Every April I see frenzied clients at my training center at wits end with their now-adult sized dogs that are totally out of control. They have no leash manners, refuse to come when called, hyperactive from a lack of exercise, obese from too many treats, and unwilling to even acknowledge their name.

Most people think that cute little puppy that was under the tree on Christmas morning will stay that way. On the contrary, they grow up and they grow up quick. Think of it this way. Could you go from the crib to high-school? No way! Puppies need exercise, discipline and affection—in that order. The best gift you can ever give that Christmas puppy is obedience training. This will not only build a lifelong bond but give you the control, leadership and routine that your dog so much desires.

If you are absolutely set upon getting your family a puppy for Christmas, consider this alternative instead: Purchase a leash, a collar, a good book on raising a puppy, a gift certificate for a veterinary checkup, a gift certificate for puppy socialization classes from one of the local obedience instructors, a book or video tape on the topic of how to select the right dog for your family (there are several, including even a computer program that purports to help you do this), or a gift subscription to one of the dog-oriented magazines.

Wrap these up and put them under the tree. As family members unwrap the various pieces of the “puzzle”, their delight and anticipation will grow. They will gradually understand what this present is! Then, after the Christmas tree is taken down and the frenzy of the holiday season is behind, the family can once again enjoy together the anticipation and excitement of discussing and selecting a breed, selecting a breeder, selecting an individual pup, and so on. This will increase the family’s mutual commitment to, and investment in, the well-being of the newest family member. It will be a project the family has done together, which is a wonderful way for any adoption to commence. This will not decrease the enjoyment of your new puppy; I guarantee it. It will increase it by many fold. And it will be a better start both for the puppy, and for the long-term relationship between dog and owner(s). A dog with a good introduction to its adoptive family is much more likely to become a long term companion rather than just another tragic statistic.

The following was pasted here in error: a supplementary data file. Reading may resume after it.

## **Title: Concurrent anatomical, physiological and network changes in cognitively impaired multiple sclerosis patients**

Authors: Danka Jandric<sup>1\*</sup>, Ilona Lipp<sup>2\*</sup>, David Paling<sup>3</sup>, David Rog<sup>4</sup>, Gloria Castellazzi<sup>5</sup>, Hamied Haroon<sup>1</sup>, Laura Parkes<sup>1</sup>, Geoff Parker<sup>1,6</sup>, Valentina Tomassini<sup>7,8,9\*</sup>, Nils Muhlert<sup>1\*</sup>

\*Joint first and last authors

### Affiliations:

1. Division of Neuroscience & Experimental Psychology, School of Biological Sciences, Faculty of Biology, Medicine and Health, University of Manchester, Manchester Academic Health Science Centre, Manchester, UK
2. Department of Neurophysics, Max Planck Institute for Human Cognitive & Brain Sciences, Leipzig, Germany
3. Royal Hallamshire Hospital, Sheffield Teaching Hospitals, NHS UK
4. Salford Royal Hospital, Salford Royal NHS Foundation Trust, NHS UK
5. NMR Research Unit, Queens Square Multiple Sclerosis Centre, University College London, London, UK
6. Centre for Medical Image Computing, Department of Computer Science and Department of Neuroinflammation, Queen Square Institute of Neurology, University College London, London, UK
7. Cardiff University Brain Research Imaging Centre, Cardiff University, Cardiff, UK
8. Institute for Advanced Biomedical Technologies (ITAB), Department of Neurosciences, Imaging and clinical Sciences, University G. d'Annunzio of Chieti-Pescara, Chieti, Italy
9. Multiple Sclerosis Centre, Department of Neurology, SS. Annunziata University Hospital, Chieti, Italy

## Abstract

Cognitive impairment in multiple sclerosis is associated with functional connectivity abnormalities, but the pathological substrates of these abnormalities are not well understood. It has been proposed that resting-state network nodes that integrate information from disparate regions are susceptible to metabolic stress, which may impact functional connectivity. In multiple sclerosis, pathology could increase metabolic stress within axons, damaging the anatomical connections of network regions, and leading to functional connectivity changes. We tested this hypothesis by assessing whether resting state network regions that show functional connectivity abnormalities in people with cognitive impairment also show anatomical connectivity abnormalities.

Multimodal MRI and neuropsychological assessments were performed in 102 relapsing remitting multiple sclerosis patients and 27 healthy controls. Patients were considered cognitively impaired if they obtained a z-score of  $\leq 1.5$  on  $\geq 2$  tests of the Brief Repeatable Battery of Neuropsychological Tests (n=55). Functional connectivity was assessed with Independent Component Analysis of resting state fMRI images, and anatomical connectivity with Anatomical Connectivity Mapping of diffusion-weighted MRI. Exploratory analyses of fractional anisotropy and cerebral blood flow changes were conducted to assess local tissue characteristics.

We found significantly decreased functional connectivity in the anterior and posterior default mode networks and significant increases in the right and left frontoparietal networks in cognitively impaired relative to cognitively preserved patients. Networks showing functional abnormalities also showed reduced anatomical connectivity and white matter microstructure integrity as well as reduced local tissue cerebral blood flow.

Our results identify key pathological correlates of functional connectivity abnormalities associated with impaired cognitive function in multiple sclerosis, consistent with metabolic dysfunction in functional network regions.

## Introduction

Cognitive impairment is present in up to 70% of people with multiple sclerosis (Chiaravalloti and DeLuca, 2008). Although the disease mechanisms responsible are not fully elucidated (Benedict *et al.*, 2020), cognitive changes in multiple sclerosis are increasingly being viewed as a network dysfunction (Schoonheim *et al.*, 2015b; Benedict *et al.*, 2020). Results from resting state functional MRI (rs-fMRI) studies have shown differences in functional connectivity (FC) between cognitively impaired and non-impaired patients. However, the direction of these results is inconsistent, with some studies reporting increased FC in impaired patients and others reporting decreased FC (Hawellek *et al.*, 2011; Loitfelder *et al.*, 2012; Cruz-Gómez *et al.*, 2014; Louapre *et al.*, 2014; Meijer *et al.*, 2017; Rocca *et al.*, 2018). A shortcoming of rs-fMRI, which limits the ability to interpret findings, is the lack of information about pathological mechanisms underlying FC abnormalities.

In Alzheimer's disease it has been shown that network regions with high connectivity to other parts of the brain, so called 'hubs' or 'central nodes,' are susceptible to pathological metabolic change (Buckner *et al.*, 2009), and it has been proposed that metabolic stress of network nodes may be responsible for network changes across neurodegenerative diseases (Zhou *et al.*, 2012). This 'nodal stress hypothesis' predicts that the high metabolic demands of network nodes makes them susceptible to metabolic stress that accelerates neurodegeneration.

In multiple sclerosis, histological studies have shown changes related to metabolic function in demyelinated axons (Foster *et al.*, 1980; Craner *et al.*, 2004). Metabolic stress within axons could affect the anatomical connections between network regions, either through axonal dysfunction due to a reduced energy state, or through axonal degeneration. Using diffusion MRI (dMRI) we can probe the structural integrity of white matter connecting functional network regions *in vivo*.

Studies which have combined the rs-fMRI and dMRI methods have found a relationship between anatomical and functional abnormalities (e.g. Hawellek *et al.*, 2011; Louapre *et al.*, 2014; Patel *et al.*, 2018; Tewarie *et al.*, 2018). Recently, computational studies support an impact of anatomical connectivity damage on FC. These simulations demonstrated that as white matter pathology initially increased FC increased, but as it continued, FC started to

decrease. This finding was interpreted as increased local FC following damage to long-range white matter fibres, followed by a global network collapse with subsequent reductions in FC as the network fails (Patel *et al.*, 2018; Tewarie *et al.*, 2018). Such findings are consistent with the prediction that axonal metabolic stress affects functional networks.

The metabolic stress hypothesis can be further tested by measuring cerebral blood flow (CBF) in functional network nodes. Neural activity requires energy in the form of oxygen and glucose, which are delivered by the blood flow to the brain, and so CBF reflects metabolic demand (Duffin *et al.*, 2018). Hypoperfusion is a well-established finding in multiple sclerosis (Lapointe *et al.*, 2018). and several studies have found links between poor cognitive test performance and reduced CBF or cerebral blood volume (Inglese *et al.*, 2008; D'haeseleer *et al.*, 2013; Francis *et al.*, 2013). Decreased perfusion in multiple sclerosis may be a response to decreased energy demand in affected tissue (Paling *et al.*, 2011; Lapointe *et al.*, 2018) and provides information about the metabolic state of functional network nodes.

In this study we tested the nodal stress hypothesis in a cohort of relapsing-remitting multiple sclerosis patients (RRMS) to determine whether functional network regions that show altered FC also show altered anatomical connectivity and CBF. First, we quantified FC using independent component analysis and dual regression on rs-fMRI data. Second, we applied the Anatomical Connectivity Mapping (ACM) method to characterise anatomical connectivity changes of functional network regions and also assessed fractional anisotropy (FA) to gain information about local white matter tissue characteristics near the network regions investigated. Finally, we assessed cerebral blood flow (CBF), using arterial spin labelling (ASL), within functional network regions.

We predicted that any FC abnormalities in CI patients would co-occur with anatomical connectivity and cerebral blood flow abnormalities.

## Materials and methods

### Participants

Dr. Robert Forto, PhD is the training director for Dog Works Training Centers and hosts a weekly radio program, The Dog Doctor Radio Show, every Saturday. Dr. Forto can be reached through his website at


Behind the Breed: Parson (Jack) Russell Terrier

November 28, 2010

In this series we will profile breeds registered with the American Kennel Club to give dog owners some ideas of what to expect of their dog. At Denver Dog Works we work with a network of breeders and with 20 years experience and training thousands of dogs we can help the new dog owner choose a breed that is right for you, your family and lifestyle.

Behind the Breed: Parson Russell Terrier

Parson Russell Terrier

Trainers Note: Known for years as the Jack Russell Terrier (and still called that by many) is a breed that was made famous in the TV show Fraiser. Eddie was such a lovable little dog in that show and unfortunately it did not showcase the breed as they are in “real” like. The Parson Russell Terrier is just that, a terrier, meaning high energy and high and some will say high maintenance. These little dogs will require a lot of exercise and a lot of training.

The Parson Russell Terrier is a true working fox hunter, possessing a ready attitude, alertness, confidence, and great strength and endurance. Today, many Parsons are also found working in stables and exhibiting at agility and obedience trials. The breed’s weatherproof coat can be broken (wire-haired) or smooth and is white, white with black or tan markings or tri-color.

A Look Back